CounselingRelationships Marital Problems


Relationships Marital Problems

Most adults seek or are engaged in romantic intimate relationships and, for many people, such relationships are publicly recognised through marriage or other forms of deep commitment.  Whilst such relationships can be a source of joy, companionship and satisfaction, people can experience marital and relationship problems that lead to distress, conflict and disconnection. 

All long-term relationships are impacted by problems or difficulties.  Money worries, concerns about raising children, time apart, differing attitudes to commitment, intimacy and sex, household responsibilities and family expectations are just some of the many factors that can place stress upon a relationship.   It’s normal and healthy to disagree with your partner(s) in ways which allow for your ideas, needs and wants to be shared.  However, when conflict and arguments become a regular feature of your relationship, or when there is seldom any resolution then it can be helpful to take stock of what it is you want from the relationship.  For some people, a period of self-reflection can be helpful in considering what you want from a relationship. Others find it beneficial to chat through with a trusted friend what it is bothering you.  Speaking to a caring, supportive and non-judgmental therapist can also be a way to explore what it is you want from your relationship.  This could be in 1:1 therapy:  you and a psychotherapist working together.  It could also be through couples’ therapy, with yourself and your partner working with the therapist.  Of course, relationships come in all shapes and sizes, and many therapists will be experienced in working with same-sex couples, polygamous and open relationships. 

For example, a common reason for someone or a couple to seek relationship therapy is as a response to unfaithfulness.  Perhaps one partner has sought intimacy with someone outside of the relationship. This could lead to feelings of guilt, failure, disappointment, distrust, shame and anger, among others in one or both partners.  One approach would be to ignore these feelings, to defend against them in the hope they will go away.  Another approach could be to address the issue and look and the causes of the infidelity, how that has impacted those affected and how people feel about the relationship.  Whilst this second approach could be challenging, it also opens up the possibility of improved communication and awareness.  Such an approach could be an opportunity for growth, learning, and maturation of the individuals and, potentially, their relationship.  It may be that one (or both) partner(s) realises they no longer want to remain in the relationship.  Ignoring any relationship issue or problem is unlikely to result in either person feeling satisfied with the relationship.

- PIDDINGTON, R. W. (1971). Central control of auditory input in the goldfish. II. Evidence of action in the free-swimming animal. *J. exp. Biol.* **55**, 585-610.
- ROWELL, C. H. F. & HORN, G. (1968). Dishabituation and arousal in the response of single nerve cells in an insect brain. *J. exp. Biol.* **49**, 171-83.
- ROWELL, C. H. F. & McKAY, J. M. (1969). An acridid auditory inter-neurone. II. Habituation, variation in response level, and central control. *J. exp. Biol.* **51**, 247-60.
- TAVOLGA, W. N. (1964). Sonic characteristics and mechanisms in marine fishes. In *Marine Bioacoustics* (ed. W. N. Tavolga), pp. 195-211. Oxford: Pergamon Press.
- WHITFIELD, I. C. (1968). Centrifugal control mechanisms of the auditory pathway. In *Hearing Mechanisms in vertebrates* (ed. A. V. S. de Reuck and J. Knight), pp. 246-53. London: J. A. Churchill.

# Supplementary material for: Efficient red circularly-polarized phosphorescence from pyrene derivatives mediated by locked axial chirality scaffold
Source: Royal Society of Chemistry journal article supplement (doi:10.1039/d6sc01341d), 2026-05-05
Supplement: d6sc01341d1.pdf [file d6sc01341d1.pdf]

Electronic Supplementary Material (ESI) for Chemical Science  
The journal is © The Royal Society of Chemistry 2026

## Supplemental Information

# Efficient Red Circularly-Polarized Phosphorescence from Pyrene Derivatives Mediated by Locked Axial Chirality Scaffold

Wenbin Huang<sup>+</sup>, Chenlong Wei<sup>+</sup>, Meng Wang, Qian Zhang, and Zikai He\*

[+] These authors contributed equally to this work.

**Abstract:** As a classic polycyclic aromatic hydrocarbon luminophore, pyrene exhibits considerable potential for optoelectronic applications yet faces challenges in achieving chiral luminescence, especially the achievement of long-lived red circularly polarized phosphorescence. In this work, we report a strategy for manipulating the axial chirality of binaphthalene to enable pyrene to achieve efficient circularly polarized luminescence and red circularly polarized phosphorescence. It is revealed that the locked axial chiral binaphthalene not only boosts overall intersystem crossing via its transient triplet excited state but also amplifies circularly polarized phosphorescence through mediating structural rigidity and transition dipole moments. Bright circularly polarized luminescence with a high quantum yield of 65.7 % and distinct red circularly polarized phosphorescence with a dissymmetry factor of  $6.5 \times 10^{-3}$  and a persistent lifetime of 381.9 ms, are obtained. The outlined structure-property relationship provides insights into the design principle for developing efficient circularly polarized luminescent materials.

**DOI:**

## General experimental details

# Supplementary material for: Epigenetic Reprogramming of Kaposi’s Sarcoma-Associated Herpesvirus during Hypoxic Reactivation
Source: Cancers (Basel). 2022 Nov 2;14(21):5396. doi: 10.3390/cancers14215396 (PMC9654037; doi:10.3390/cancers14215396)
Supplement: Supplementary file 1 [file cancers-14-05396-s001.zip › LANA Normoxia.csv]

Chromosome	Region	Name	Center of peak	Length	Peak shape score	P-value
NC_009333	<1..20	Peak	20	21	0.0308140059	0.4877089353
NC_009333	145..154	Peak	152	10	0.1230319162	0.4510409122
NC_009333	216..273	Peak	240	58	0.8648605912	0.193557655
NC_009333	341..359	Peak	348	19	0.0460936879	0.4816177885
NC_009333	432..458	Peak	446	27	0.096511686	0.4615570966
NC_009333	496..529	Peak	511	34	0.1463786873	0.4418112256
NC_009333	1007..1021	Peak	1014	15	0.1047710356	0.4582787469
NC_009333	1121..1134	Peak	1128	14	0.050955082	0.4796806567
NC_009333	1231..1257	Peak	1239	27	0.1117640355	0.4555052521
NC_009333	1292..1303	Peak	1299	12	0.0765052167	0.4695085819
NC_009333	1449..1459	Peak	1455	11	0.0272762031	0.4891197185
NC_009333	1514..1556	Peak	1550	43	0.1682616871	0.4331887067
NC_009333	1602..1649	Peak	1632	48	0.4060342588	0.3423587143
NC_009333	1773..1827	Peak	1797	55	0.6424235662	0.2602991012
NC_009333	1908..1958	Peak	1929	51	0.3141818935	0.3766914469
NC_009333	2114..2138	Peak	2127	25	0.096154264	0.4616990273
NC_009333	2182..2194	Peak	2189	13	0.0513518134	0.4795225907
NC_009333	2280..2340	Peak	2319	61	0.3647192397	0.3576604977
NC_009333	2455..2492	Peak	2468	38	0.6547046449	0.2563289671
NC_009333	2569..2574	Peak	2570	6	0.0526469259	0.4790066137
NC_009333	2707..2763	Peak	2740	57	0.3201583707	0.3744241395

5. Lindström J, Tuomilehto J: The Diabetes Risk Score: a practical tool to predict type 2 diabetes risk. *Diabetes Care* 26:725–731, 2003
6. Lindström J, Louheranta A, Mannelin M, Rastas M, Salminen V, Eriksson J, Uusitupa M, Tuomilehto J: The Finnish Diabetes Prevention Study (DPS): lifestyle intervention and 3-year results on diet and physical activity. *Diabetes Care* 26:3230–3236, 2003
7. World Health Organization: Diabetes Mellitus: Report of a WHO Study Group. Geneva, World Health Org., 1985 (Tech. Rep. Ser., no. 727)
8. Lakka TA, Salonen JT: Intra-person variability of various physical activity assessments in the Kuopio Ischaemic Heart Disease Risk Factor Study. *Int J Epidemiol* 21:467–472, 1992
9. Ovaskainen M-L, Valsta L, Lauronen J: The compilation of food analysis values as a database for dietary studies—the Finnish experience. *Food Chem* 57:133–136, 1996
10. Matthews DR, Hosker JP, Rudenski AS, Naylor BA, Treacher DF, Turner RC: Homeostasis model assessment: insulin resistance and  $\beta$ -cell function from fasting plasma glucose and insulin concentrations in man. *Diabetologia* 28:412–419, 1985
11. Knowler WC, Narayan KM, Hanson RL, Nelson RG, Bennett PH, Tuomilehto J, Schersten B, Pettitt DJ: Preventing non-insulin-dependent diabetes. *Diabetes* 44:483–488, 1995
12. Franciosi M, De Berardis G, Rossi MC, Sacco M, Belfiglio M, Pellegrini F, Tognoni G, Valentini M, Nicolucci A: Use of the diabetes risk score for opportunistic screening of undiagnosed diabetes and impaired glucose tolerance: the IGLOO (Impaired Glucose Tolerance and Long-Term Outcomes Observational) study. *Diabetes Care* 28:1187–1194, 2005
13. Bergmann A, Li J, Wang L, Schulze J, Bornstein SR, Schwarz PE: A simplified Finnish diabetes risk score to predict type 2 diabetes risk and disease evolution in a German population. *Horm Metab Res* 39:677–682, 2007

When working on relationship difficulties with a therapist, you may wish to explore how you feel about the difficulties and problems and how you respond to conflict.  This may include developing communication and conflict resolution skills.  This work may also include looking at your past experiences of connection and conflict and how those experiences might be impacting you in the present.  Again, whilst this may be challenging to discuss, a supportive therapist will work to create an environment of safety and stability to help you in this process. 

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